Travel the country as I often do and you won’t find much local news on the radio. Consolidation has just about killed it. As a result, big city all-news radio stations and networks have lost their farm systems. “We don’t have the minor league teams to draw on that we used to,” says Harvey Nagler, vice president of CBS Radio News. But there’s one major exception: NPR.
In an effort to spread its brand, NPR recently decided to stop calling itself National Public Radio but radio is still its heart and soul. And with 780 member stations, NPR has an impressive farm system, and often calls up some of the best to the big leagues. Reporters like Tamara Keith and Jason Beaubien, for example, got their start at local public radio stations.
NPR’s long-form programs “Morning Edition” and “All Things Considered,” feature radio storytelling at its best. The writing is crisp and evocative, and the stories make great use of natural sound, which NPR executive Robert Garcia calls “the currency of the realm.”
“It’s what brings people into a story,” Garcia says. “If somebody’s in a Pakistani village you’re going to be listening to [it]. You can practically taste the dust on the road.”
As a regular listener to NPR, it’s always seemed to me that the hourly newscasts just didn’t measure up to the same standards as the programs. The writing was flat, most correspondent reports were straight voicers, many of the sound bites were from phoners of marginal quality and there was almost no use of natural sound. Garcia’s been working to change that.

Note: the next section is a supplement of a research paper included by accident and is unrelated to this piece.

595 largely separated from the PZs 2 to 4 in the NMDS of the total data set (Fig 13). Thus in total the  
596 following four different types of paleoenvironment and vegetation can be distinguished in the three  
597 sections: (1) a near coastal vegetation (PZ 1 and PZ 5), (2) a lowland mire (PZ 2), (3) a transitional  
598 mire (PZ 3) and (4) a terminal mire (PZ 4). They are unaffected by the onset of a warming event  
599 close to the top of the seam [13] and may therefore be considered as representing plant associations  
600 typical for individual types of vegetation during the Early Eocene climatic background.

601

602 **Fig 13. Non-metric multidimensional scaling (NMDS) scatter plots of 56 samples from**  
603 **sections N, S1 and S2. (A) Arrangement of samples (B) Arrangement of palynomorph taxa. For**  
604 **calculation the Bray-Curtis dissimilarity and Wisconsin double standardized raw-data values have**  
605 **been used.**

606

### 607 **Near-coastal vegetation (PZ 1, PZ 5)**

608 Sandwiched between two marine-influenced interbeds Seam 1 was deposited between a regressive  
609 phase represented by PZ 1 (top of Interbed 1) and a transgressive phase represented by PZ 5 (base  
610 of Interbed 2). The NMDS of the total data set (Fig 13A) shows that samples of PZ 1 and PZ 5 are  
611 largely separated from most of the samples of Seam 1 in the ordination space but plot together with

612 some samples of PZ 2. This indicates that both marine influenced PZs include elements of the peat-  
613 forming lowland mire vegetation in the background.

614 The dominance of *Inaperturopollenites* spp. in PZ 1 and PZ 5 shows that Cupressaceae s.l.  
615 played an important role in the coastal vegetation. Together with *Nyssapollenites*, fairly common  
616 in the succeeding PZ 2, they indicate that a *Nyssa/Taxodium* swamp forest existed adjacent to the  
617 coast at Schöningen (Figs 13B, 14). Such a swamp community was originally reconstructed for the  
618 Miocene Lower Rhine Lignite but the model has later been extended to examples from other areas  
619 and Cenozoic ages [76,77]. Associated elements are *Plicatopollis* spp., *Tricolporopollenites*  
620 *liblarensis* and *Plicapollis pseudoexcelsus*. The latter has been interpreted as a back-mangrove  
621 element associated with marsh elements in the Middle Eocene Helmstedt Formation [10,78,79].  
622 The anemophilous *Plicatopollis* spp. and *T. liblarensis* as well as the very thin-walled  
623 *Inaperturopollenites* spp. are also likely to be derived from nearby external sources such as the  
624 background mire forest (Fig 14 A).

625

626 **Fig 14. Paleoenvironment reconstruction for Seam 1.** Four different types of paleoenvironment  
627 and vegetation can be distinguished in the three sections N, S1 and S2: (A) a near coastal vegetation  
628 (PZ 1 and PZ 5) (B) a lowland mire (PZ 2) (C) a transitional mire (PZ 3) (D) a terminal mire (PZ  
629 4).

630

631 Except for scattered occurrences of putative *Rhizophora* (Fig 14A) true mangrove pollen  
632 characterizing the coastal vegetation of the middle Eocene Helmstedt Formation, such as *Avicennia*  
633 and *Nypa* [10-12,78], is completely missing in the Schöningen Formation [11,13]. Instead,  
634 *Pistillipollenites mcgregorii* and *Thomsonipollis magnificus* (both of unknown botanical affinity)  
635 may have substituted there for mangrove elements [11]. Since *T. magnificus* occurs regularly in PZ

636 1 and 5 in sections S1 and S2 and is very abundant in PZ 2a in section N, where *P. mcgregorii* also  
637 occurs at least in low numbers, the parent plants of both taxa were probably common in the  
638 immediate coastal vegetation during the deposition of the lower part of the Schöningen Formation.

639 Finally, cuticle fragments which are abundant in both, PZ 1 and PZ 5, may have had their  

Now, some 50-second stories include multiple sound bites and nat sound. Instead of filing a report, a correspondents may discuss a story in a Q-and-A format with the anchor, which can run longer. The newscasts also are trying to respond faster to breaking news, something they were notoriously slow about in the past.
“We are getting much better at that out of necessity,” Garcia says, “and I think that’s because more people are turning to National Public Radio as their primary source of information. So it’s incumbent on us to move more quickly.”
About time, I’d say. Because the truth is, I care about radio news. I spent a lot of my early career in radio and it was a great place to start. CBS’s Nagler says it still is. A lot of the best writers in the business, he says, come out of radio, “because you need to think on your feet and write concisely.” There may not be as many places to learn that as there used to be but it’s good to know there are still a few.